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Back Injuries and Proper Lifting Techniques

Back injuries are a very common occurrence in most workplaces. According to the Bureau of Labor Statistics (BLS) more than one million workers suffer back injuries each year, and account for one of every five injuries and illnesses in the workplace. Eighty percent of these injuries occur to the lower back and are generally associated with material handling. Workers in the agriculture industry are especially vulnerable to developing back problems because their work frequently incorporates activities that have a high-risk factor of back injury. Agricultural workers commonly lift heavy objects such as bales of hay, sacks of feed, or even animals throughout the workday, but it is not just the lifting. Repetitive motions with a twisting and turning action enhance the dangers of back injury. This month’s Safety Alert is focused on lifting techniques that could help save your back from injury.


What "Lift with Your Legs" Really Means

Beth Skwarecki                                                                                                                                                Published September 19, 2018

If the phrase “lift with your legs” never made any sense to you, you’re not alone. Trying to follow this advice can feel awkward, unnatural, and ineffective—even though it’s not wrong, exactly. Here’s what you’re missing.

The main point of lifting with your legs is to avoid one particular mistake: Rounding your lower back so forcefully that you’re putting yourself at risk for a herniated disc.

If you lift something by squatting down, with your back vertical, you avoid that mistake. Great. But depending on what you’re lifting, that might not be very practical. One 1993 study showed that even when warehouse workers had been trained to “lift with the legs,” and even when they said they were doing their best to follow the instructions, in most cases it was pretty much impossible to lift in the textbook manner.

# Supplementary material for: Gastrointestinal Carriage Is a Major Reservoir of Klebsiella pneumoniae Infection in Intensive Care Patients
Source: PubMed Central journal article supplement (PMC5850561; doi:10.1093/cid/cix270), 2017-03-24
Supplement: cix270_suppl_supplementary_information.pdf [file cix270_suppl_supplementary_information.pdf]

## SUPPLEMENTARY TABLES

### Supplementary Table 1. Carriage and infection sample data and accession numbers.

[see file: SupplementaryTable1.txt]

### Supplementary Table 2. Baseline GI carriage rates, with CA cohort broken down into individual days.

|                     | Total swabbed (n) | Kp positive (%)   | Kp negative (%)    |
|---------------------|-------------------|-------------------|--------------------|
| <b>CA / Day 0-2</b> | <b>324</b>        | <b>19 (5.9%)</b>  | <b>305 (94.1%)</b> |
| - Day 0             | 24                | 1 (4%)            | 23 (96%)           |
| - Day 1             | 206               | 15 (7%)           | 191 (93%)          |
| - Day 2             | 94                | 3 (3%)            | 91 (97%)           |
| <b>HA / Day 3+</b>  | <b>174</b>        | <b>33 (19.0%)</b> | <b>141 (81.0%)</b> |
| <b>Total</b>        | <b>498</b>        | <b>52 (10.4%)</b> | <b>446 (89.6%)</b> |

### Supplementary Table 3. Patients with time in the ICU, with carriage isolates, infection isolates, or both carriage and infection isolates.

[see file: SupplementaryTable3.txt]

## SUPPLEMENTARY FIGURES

In reality, you can move your body however you need to, as long as you keep your back roughly straight—stabilized by all those handy core muscles. I like how the Duke Environmental and Occupational Safety Office boils down lifting form to two simple rules:

  • Keep the load close to your body throughout the lift. Hug the load to your belly, which may mean kneeling on one knee or squatting asymmetrically, so that you’re almost straddling the thing you need to pick up.
  • Maintain your back’s natural curves, especially the arch in your lower back. Think of keeping your spine in the same neutral position as when you’re standing or walking.

If you master those two rules, you’ll protect your back without having to mimic any unnatural, awkward positions. Some illustrations of lifting technique show a person squatting to pick up a box, but then holding the box out in front of them—nobody does that, and it doesn’t even make sense. Your “power zone,” where you can lift the most, is with the object hugged to your belly. If you hug it to your chest or hips instead, that’s almost as good. Once you start holding it higher, lower, or out farther from your body, you can’t handle nearly as much weight safely. The attached lifting guide has a great illustration explaining the concept.  

Those two rules also explain how straight-legged deadlifts are possible as a safe gym exercise: people who do those lifts make sure to keep their spine neutral, and the weight close to their body. There’s more than one way to safely lift.


Skwarecki, Beth. “What 'Lift With Your Legs' Really Means.” Lifehacker, Lifehacker, 19 Sept. 2018,


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